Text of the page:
“Whilst most are keen to mine Italian disco, perhaps prog or even old Giallo and horror movie soundtracks, Strut uncovers a vibrant underground electronic music culture where no one outside (and possibly inside) Italy realised there was one.”
Read the review at Cyclic Defrost.
If you didn’t know the back-story, the genre, the label or any other contextual information and just put Rodion G.A on – then it’s possible that your head might very well explode.
The music of Romanian producer Rodion Rosca, is both that good and that confounding, drawing influence from everything from prog, to komische to no wave music, more than likely without having heard any of the above. His sounds don’t so much redefine music, as consume and bastardise it into his own unique style.
In a retro futurist twist Rodion was making these sounds from behind the iron curtain, between 1978 and 1983. Whilst he used early synths, electric guitar, a bunch of self made pedals and primitive drum machines, his main compositional tools were reel-to-reel tape machines. There’s a real shrillness to some of the synth work here, and the percussion is stark and metronomic. Yet there’s something here that’s much more than the sum of its parts, a certain experimental inquisitiveness, where you get the sense that Rodion and his band were making it up as they went along – and loving it.
Not just raw, the music is dark, and the electronics are noisy, strange and psychedelic, at times feeling barely in control. This may be the reason that Rodion G.A only ever had two of their more rock orientated singles released, despite receiving both radio play and touring relentlessly. This is the bands lost material and it could’ve easily been made yesterday. It’s quite diverse, with everything from vocals to piano appearing between the flanged out electrics. It maintains a kind of militant minimalness, yet this primitive noisy electro pop music is endlessly engaging, demonstrating that just because the path wasn’t travelled, it doesn’t mean we shouldn’t be on it.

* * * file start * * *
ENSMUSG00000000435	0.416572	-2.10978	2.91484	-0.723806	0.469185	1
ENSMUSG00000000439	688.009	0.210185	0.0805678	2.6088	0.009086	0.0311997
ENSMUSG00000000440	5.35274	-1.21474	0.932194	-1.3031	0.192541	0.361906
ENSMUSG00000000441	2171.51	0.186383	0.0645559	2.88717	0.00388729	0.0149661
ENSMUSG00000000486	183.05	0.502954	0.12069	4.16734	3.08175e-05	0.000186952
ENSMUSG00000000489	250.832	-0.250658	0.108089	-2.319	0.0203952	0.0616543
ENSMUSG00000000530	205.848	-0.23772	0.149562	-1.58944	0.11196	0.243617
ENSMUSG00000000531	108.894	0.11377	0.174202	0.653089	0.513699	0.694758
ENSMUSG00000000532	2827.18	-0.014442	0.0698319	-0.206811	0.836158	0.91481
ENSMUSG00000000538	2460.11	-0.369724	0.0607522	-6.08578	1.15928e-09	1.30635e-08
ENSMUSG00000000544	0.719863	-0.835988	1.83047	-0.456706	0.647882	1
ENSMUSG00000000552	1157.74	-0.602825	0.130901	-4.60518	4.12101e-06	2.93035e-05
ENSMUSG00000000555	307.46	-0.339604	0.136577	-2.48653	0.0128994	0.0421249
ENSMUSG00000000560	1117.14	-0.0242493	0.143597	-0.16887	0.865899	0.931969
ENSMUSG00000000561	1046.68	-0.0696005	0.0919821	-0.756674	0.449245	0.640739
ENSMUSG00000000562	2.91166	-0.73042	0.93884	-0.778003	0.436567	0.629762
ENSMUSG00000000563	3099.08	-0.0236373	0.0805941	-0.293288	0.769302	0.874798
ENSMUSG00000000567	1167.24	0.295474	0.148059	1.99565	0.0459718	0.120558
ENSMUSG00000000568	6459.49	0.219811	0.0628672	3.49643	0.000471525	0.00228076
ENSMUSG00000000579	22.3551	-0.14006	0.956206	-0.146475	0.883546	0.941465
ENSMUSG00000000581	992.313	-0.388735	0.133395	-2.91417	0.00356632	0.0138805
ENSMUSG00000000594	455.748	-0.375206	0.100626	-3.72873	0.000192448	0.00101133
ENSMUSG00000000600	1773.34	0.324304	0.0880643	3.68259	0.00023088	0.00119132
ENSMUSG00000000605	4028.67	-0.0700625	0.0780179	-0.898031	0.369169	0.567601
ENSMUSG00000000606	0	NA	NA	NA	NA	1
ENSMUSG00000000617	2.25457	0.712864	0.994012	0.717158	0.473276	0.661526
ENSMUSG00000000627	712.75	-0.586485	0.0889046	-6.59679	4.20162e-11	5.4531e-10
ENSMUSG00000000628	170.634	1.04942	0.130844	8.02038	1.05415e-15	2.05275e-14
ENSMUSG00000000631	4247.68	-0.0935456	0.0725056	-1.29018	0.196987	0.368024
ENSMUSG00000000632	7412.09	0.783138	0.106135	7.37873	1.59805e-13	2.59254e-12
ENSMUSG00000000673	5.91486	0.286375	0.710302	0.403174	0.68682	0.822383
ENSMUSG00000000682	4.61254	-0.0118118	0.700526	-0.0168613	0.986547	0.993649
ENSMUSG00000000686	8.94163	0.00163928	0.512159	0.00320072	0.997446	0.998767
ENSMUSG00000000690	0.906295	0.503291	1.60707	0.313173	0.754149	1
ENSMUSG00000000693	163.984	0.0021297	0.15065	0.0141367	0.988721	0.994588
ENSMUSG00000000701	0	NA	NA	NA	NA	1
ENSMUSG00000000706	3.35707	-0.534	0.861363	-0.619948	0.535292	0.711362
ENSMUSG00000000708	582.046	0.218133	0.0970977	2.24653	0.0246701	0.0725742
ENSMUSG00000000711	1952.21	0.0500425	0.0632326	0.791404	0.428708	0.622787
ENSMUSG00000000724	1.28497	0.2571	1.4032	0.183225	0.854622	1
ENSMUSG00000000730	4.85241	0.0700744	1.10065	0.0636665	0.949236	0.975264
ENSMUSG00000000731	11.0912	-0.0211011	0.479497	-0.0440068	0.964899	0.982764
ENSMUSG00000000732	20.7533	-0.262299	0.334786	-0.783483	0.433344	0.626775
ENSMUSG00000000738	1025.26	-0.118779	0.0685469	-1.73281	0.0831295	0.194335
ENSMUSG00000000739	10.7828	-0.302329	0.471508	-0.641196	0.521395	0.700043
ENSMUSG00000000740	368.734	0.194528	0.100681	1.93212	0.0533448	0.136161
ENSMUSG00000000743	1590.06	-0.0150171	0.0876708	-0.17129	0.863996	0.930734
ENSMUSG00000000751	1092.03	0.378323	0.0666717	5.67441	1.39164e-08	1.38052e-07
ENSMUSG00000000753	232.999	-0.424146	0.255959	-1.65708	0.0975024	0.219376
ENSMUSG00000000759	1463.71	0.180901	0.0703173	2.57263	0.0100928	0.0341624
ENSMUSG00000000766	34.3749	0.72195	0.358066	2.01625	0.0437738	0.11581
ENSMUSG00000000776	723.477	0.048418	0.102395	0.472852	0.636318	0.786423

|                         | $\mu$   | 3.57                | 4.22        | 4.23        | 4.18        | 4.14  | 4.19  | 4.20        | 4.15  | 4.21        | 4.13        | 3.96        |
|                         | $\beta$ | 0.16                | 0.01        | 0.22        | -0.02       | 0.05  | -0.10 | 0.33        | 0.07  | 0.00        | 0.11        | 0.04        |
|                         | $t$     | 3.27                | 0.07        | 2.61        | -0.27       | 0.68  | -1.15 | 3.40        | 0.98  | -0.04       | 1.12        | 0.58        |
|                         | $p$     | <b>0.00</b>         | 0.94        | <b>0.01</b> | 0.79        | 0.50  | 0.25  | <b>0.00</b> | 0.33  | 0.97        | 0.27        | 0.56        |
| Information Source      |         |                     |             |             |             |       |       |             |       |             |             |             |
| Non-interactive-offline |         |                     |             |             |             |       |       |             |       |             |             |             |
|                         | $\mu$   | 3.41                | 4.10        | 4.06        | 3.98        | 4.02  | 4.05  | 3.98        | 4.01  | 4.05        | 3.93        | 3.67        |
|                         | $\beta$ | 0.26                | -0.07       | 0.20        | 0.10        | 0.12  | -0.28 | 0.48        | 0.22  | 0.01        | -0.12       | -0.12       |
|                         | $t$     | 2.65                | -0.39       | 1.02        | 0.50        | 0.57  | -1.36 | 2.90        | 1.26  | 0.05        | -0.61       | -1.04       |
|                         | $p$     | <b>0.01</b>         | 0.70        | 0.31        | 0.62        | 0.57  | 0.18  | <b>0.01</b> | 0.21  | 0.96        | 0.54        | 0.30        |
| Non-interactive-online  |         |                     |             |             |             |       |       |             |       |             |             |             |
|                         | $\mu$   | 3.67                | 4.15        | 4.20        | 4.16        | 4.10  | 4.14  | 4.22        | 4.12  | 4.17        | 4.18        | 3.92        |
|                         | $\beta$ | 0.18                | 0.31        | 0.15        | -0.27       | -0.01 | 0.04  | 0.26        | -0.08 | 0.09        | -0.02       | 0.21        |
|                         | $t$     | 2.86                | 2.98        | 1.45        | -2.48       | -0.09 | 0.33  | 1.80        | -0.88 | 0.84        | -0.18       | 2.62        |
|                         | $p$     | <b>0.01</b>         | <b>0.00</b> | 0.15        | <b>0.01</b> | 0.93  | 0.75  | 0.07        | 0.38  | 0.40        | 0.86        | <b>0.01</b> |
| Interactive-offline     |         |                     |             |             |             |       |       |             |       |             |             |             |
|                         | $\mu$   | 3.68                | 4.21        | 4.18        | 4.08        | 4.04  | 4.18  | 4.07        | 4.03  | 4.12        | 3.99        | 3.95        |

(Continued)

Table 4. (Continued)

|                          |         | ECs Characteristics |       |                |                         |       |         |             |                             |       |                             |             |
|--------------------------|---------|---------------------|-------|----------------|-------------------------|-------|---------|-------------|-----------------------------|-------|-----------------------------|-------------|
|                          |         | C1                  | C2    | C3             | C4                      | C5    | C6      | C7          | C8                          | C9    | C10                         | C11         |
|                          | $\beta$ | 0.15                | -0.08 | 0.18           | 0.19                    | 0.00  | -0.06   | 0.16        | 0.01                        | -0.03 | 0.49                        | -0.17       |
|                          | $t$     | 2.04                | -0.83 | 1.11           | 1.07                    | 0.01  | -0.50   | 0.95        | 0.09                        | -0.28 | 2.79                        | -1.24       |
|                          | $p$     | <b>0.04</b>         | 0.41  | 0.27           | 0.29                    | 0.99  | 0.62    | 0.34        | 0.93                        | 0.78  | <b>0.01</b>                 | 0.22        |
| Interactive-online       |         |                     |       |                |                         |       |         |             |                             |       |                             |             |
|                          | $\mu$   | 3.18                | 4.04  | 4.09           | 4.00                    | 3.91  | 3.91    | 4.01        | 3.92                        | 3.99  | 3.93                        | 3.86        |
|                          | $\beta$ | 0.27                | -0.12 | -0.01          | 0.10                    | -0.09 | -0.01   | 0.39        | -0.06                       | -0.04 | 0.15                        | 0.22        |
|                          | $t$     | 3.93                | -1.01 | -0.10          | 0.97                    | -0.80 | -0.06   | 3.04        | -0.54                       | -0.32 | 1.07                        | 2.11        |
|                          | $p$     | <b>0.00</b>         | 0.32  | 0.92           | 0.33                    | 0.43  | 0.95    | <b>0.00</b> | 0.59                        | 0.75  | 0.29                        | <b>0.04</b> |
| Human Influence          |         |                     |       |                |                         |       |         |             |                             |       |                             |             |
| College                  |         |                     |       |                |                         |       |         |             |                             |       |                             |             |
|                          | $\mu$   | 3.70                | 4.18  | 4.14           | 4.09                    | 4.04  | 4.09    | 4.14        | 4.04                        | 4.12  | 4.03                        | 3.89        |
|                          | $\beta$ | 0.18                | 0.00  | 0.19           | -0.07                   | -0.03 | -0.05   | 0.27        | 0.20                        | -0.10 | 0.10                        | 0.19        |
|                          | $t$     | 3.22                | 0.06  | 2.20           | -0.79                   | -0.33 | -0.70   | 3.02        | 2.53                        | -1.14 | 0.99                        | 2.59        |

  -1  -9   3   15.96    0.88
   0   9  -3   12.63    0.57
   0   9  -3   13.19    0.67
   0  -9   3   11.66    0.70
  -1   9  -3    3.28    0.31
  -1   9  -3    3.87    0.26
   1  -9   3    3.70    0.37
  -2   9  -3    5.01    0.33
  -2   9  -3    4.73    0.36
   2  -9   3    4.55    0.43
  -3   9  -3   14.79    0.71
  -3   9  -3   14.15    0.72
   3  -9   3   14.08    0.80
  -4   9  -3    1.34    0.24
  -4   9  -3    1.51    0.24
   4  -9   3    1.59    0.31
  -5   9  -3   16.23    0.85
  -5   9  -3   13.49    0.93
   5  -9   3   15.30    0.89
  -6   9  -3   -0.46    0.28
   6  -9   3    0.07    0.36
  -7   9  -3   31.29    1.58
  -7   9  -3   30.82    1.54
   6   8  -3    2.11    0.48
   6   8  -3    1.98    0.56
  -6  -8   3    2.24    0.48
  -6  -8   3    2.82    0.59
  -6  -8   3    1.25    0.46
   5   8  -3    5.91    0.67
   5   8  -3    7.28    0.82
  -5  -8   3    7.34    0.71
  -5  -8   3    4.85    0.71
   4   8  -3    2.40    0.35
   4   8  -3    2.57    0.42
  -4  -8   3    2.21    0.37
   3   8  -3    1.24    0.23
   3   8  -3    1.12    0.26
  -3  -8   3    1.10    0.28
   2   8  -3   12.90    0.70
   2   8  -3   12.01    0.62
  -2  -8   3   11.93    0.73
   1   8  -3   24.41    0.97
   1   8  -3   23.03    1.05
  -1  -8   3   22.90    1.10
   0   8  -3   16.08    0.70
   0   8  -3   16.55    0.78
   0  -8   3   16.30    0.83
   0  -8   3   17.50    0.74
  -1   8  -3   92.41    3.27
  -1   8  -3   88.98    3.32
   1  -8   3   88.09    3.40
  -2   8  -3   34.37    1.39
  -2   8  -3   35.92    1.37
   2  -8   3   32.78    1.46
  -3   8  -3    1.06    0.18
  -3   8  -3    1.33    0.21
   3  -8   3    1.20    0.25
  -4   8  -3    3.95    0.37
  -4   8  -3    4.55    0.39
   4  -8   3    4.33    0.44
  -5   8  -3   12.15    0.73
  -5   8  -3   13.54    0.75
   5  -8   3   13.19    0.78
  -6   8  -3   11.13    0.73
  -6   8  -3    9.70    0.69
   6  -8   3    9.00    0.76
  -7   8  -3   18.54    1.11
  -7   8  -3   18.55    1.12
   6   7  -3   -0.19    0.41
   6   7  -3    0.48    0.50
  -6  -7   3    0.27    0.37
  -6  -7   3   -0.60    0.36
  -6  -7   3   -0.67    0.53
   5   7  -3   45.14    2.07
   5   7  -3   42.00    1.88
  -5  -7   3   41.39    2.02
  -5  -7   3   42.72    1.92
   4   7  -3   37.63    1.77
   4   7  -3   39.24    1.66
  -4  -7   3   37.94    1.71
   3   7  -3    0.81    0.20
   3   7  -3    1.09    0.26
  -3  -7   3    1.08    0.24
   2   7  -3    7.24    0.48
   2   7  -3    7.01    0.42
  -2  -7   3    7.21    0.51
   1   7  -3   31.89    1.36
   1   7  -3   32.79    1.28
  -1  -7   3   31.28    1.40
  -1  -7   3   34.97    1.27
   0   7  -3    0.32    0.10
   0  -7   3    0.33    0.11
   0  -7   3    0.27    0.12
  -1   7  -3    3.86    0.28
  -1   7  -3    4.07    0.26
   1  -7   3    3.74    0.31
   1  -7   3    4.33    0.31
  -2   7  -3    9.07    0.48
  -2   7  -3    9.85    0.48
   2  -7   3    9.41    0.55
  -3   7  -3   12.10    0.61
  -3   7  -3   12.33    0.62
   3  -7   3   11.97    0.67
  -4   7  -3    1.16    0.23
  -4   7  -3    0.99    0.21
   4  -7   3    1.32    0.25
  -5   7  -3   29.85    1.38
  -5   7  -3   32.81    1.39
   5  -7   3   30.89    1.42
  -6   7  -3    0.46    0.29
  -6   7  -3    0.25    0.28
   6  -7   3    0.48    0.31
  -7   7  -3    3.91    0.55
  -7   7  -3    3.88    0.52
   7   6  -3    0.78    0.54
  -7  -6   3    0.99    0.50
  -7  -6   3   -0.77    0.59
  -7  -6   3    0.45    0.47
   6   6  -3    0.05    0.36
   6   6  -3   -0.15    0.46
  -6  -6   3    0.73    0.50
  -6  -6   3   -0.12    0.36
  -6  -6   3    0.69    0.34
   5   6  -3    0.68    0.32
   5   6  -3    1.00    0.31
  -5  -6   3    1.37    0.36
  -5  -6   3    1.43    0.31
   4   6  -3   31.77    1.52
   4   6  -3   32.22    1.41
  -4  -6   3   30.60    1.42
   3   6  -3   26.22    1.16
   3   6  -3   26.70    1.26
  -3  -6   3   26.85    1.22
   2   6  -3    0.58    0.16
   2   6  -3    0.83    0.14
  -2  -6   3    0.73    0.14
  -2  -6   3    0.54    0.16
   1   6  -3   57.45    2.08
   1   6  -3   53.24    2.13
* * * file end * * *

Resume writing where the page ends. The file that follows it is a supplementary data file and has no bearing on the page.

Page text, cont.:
“There’s something in the texture of the guitar, the desert twang, the repetitive riffs and sparse percussion that connotes not only a sense of wide open space but also struggle.”
Full review at:
“It doesn’t feel like it, but since the demise of the Dead Kennedys, US punk icon Jello Biafra has made a lot of music. Mostly by stealing other peoples’ bands, like DOA, Mojo Nixon, Melvins and of course, Ministry with Lard. And throughout it all he’s maintained an ongoing, at times amusing, at times paranoid, at others disquieting diatribe against corporate and state control.”
Full review at:
“It’s actually quite diverse music, difficult to pin down, owing as much to electronic computer music as jazz, as much to komische as experimental music.”
“Ever wanted to stab a rock band? It’s possible that track two of the Melvins 20th studio album could drive you to that kind of violence. It’s a covers album, demonstrating the unpredictable band’s diverse range of influences, and come to think of it, being possibly the least commercial covers album you could imagine, it probably explains some things.”
Full review at:
“Is devotional doom a genre? Can metal and Sufism coexist in the same work? Is it possible to achieve enlightenment through drones and elongated bass riffs?”
I asked many more ridiculous questions in my review of the album late last year in Streetpress Australia.
They’re touring Australia in May.
Tue May 7 – Jive, Adelaide
Wed May 8 – The Hi-Fi, Brisbane
Thu May 9 – Annandale Hotel, Sydney
Fri May 10 – The Hi-Fi, Melbourne
Sat May 11 – Rosemount Hotel, Perth